To make Singapore a success
    Let us all unite
    In a new spirit
    Together we proclaim
    Onward Singapore
    Onward Singapore

    Related to:
    • Historical Travel

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  • Rachelynn's Profile Photo

    Wanna Catch a Movie while in Town?

    by Rachelynn Written Dec 8, 2004

    Favorite thing: Despite the abundance of DVD/VCD and the players, Singaporeans are great movie-goers. Especially so when it comes to block-buster movies, like Lord of The Rings, The Day After Tomorrow, Harry Potter, The Incredibles, Bridget Jones' Diary, Titanic of course are very good examples for the gross profit earned by cinemas here!

    It cost $6.50 - $8.50 SGD per movie ticket, depending on weekday or weekend. If you book through internet or phone, you will need to pay a booking fee of $0.70...hmm. or is it $0.50.

    Popular cinemas are Cathay Orchard (opposite heerem), Golden Village (GV) Plaza & Marina Sq. My favourites are GV Bishan & Great World City & Cathay Orchard

    For online booking (via visa or mastercard only), here's the website for more information on locations and schedules.

    Cathay
    http://www.cathay.com.sg/cineleisure/leishome.html
    Phone Bookings: 6235 1155

    Goldn Village
    http://www.gv.com.sg/Booking/index.htm
    For phone booking, pls call 19009121234
    Per call cost $0.30

    Of course you can also buy tickets at the cinema counters. =)

    Enjoy!

    Related to:
    • Theater Travel
    • Family Travel
    • Luxury Travel

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  • imstress's Profile Photo

    Public Holidays in Singapore

    by imstress Updated Nov 25, 2004

    4.5 out of 5 starsHelpfulness

    Favorite thing: 2005

    NEW YEAR January 1 (Sat)
    HARI RAYA HAJI January 21 (Fri)
    CHINESE NEW YEAR February 9 & 10 (wed & Thu)
    GOOD FRIDAY April 25 (Fri)
    LABOUR DAY May 1(Sun*)
    VESAK DAY May 22 (Sun*)
    NATIONAL DAY August 9 (Tue)
    DEEPAVALI November 1(Tue)
    HARI RAYA PUASA November 3 (Thu)
    CHRISTMAS December 25 (Sun*)

    (sun*) - the following Monday will be a public holiday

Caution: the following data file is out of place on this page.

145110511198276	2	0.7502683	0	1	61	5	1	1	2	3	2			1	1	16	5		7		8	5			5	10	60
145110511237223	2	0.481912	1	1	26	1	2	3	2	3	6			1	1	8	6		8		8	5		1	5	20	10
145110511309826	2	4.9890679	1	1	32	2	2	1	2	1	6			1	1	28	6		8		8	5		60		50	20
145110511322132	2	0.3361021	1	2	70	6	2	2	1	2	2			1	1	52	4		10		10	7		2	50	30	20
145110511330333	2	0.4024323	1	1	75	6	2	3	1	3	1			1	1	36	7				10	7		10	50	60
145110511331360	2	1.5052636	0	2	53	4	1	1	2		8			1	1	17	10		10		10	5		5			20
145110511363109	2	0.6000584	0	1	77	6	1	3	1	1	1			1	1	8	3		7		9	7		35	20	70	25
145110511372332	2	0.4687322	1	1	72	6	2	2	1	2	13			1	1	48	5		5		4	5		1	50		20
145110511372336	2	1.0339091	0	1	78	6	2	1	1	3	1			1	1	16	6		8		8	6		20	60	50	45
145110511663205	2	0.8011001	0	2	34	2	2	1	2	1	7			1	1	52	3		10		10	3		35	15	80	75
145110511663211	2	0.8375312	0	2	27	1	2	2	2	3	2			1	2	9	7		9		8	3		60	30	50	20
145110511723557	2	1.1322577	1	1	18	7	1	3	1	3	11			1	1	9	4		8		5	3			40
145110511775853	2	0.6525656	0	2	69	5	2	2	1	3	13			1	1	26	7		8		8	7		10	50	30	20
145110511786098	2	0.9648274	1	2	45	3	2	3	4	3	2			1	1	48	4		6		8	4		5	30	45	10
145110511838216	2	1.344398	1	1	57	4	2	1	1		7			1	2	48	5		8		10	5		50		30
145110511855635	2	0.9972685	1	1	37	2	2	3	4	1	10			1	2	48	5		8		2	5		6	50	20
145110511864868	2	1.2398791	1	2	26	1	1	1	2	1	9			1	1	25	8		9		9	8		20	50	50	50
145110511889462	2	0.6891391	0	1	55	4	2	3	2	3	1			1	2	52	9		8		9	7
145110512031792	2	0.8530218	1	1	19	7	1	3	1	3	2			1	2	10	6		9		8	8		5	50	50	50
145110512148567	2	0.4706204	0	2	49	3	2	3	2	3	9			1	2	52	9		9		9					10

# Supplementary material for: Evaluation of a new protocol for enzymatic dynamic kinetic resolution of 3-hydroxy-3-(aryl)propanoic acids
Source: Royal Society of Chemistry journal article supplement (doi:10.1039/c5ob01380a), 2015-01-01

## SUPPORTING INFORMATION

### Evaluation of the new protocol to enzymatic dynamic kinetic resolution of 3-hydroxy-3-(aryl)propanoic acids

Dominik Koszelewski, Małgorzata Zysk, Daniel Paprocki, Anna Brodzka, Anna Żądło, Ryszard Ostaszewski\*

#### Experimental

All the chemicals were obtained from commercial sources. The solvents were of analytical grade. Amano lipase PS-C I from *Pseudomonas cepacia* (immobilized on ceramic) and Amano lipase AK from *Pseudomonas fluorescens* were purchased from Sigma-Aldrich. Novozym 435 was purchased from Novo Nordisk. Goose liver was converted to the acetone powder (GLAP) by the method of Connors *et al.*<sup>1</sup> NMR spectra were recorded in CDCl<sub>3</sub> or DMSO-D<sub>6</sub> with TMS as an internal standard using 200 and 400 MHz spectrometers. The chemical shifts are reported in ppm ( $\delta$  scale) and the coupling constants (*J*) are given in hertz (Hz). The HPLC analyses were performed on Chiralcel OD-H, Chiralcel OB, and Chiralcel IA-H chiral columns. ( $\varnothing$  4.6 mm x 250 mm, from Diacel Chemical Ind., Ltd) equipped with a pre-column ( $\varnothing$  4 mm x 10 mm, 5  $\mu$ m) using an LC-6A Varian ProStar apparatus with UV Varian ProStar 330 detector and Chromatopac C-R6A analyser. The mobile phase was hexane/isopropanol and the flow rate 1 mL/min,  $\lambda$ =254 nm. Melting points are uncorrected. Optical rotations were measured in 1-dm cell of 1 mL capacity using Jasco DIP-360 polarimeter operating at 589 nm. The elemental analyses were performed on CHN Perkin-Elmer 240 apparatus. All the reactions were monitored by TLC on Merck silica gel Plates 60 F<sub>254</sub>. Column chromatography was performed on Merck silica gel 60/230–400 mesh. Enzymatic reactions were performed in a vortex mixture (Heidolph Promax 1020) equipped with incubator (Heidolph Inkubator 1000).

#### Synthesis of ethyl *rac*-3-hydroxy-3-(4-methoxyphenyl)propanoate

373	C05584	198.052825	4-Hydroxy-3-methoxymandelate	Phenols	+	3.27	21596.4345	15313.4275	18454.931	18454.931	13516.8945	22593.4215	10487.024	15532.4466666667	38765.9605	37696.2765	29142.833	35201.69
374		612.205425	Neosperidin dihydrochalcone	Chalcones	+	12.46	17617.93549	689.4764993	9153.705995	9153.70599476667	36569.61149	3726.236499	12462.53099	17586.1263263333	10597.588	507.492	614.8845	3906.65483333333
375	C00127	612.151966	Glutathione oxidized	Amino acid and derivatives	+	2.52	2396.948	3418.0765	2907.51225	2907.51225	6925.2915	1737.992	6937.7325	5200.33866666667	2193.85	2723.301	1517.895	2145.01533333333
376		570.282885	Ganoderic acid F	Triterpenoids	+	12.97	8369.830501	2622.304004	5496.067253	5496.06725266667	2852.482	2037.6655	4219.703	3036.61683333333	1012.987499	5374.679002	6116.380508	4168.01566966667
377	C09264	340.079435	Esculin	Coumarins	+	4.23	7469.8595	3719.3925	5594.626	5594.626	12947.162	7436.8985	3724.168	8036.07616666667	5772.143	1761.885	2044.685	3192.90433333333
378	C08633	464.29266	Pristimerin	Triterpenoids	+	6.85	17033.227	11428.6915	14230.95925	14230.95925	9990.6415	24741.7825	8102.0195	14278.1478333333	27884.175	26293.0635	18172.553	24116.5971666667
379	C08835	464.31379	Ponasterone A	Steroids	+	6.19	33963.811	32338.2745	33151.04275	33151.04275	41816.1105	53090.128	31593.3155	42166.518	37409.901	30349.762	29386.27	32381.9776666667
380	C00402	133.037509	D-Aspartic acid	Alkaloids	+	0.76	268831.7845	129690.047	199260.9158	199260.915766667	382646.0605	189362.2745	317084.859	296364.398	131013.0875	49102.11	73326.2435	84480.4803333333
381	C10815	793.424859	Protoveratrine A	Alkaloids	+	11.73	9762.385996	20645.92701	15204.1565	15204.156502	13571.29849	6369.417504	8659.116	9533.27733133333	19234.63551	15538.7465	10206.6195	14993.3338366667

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  • imstress's Profile Photo

    Population & Languages

    by imstress Updated Nov 25, 2004

    4.5 out of 5 starsHelpfulness

    Favorite thing: In Singapore, you will find Chinese, Indian, Malay and Eurasian Communities living harmoniously together, their long established cultures forming a unique backdrop to a clean and modern garden city.

    Singapore's multicultural society of just over four million is reflected in its major ethnic groups: the Chinese (76.8%), Malays (13.9%), Indians (7.9%), and Eurasians and smaller minority groups (1.4%). Despite rapid industrialisation, the majority of Singaporeans celebrate the major festivals associated with their respective religions.

    The variety of religions is a direct reflection of the diversity of races living here. Singapore's principal religions are Buddhism, Islam, Hinduism, and Christianity. The majority of Chinese Singaporeans follow Buddhism, although Daoism (Taoism), and more recently Christianity, are also popular. Malay Singaporeans are predominantly Muslim, while more than half the Indian Singaporeans profess Hinduism.

    There are four official languages: English, Malay, Mandarin and Tamil. English is spoken everywhere and it is the common business language of all.

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  • yuet29's Profile Photo

    Light pollution

    by yuet29 Updated Nov 13, 2004

    Favorite thing: It is fair and frank to say that I only see one or twice starry sky in Singapore for my 4 years stay in this island.

    The light pollution in SIngapore is very very serious. Most of the time, the sky will be grey in color, sometimes it is dark red. My friend said, if the sky is red, it means it is going to rain.. I am not sure.. because the sky at my hometown wont turn red to signal raining..

    Thus, to join an astronomy club and pay money is foreseable a redundant act.. (joking, those mind dont get angy).. but it is true.. because most of the time you wont get stars.. sometimes you will.. may be one or two which is nearer to earth?.. quite pity..

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  • yuet29's Profile Photo

    Pawnshop

    by yuet29 Written Nov 13, 2004

    Favorite thing: Yes, you can still see this in SIngpore.. a few of them in china town.. surprisingly to me actually..

    May be is my mistake, I thought pawnshop is only occured in old chinese town.. where those poor pawn their belongings when they urgently need money..

    Hmm... may be one day I may need to go in?.. who knows?. haha